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It has to be perfect timing that World Food Day, which is being celebrated today, has come around just as this country gets a jolting reminder of how much still needs to be done to achieve food security.

Just a few days ago, in her contribution to the Budget debate in the House of Representatives, Trade Minister Paula Gopee-Scoon shared Central Statistical Office (CSO) data on the approximately $5.67 billion spent on food imports last year.

Of particular concern was the $1.1 billion each spent on cereals and fruits and vegetables, $180 million spent to import biscuits, bread and pastries and the $28 million on mixes and doughs. This high expenditure to satisfy our taste for imported foods is eating up scarce foreign exchange.

Today is the ideal occasion to shift focus – and palates- away from all those-non-essential food imports and amplify the call for citizens to buy and eat local.

This year marks the 75th Anniversary of the founding of the Food and Agriculture Organisation of the United Nations (FAO), the UN agency that leads global efforts to defeat hunger and improve nutrition and food security.

The theme for World Food Day—Grow, nourish, sustain. Together. Our actions are our future -, put a spotlight on the COVID-19 pandemic and the importance of food and agriculture in responding to this global health crisis.

The call for nations to make their food systems more resilient and robust should resonate here in T&T, where the goal of becoming a food-secure nation still seems so far out of reach.

There is now a more urgent demand to provide adequate, nutritious, safe and affordable food by prioritising agricultural production.

The challenge is to develop a more productive and sustainable sector out of one that is predominantly small scale and contributes less than one per cent to GDP. Achieving that goal requires considerable buy-in from the population, since local food producers have never been able to compete against the imports- many of which are priced higher than the locally made- that currently crowd supermarket shelves.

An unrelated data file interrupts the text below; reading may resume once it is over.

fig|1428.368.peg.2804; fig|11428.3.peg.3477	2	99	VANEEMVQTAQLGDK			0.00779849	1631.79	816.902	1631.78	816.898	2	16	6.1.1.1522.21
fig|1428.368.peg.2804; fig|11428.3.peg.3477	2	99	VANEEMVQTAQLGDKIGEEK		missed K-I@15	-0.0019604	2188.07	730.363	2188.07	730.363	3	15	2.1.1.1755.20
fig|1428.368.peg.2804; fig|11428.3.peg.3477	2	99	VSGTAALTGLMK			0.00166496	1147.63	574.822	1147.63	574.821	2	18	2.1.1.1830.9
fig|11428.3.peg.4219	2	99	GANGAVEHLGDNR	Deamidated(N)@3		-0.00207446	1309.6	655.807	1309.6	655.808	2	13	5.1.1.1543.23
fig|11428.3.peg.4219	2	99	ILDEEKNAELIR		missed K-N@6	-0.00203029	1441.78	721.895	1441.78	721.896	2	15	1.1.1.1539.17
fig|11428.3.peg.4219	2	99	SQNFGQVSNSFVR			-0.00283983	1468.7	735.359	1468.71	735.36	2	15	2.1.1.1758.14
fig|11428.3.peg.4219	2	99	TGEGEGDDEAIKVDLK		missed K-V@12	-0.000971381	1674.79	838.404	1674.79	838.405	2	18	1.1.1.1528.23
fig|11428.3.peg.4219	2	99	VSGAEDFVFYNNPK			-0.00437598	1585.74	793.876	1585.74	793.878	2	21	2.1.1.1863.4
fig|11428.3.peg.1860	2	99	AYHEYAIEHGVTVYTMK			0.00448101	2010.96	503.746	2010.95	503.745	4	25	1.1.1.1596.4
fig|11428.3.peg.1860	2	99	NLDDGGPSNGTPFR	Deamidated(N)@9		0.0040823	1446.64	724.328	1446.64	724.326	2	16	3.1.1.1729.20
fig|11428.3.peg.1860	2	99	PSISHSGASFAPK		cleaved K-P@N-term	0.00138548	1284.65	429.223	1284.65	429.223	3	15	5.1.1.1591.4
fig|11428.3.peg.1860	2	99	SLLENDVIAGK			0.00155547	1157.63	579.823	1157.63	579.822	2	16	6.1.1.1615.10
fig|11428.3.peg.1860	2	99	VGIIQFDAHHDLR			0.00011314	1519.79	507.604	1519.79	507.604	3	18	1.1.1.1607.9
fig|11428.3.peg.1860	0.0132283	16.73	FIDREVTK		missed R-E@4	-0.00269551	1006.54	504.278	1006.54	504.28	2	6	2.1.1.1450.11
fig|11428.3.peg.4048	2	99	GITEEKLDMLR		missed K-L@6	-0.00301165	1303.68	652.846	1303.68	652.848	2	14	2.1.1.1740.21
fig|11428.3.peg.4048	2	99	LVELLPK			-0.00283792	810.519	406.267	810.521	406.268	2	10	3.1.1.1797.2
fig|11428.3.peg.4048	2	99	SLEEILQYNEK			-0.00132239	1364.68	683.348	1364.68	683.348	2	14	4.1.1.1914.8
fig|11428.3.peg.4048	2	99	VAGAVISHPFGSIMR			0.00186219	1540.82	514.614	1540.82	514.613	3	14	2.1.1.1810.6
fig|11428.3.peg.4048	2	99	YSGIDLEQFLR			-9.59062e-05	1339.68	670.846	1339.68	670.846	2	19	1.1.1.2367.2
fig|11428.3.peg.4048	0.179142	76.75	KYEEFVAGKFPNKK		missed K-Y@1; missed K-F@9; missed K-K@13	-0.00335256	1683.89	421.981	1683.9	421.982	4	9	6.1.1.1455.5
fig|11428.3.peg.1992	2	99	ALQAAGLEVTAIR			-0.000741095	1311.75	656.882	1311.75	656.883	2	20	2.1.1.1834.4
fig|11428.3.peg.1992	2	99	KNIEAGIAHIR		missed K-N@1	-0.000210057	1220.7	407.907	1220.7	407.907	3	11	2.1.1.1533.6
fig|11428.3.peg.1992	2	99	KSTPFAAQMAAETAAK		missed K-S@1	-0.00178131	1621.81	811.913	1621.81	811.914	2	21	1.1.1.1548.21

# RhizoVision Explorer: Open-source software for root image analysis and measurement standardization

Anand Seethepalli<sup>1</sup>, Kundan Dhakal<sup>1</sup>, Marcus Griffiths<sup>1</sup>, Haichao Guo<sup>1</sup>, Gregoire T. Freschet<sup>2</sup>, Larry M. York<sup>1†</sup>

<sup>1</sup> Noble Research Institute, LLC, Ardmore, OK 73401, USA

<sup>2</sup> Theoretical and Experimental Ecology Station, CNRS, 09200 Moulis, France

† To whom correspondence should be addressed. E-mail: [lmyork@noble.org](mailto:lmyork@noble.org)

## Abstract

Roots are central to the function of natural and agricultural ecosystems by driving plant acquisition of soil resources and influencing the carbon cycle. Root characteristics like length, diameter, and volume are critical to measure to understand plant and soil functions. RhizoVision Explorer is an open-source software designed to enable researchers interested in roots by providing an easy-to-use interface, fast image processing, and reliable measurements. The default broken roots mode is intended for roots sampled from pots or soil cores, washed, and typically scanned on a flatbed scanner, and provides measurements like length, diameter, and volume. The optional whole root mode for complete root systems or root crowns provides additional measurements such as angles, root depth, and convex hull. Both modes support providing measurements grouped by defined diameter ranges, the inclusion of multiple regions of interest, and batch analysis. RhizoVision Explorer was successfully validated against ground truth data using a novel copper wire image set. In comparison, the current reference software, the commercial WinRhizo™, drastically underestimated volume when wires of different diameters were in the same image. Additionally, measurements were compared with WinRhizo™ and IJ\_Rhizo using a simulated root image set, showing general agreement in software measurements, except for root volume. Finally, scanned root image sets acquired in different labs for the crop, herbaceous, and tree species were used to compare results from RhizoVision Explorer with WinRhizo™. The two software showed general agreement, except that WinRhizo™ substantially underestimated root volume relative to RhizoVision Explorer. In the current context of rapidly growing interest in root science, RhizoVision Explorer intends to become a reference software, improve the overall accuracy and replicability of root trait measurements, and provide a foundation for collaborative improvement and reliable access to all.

This has been a source of great concern for Professor Wayne Ganpat, Dean of the Faculty of Food and Agriculture at the UWI. Earlier this year, just as this country was beginning to feel the effects of the pandemic, he lamented the fact that we so easily “gravitate, unsuspectingly, to foreign products, perhaps due to marketing and also to the thinking that foreign means better than local.”

The recent announcement by Finance Minister Colm Imbert of a $500 million stimulus package in the $1.1 billion to be spent on agriculture seems like a move in the right direction. However, this country has been through many recent cycles of governments promising to do more for agriculture, then delivering very little.

It remains a sector plagued by underinvestment and failed policies.

Our hope is that World Food Day 2020 marks a turning point where agriculture will be higher up on the national development agenda and local tastes will finally be weaned off the expensive imported fare.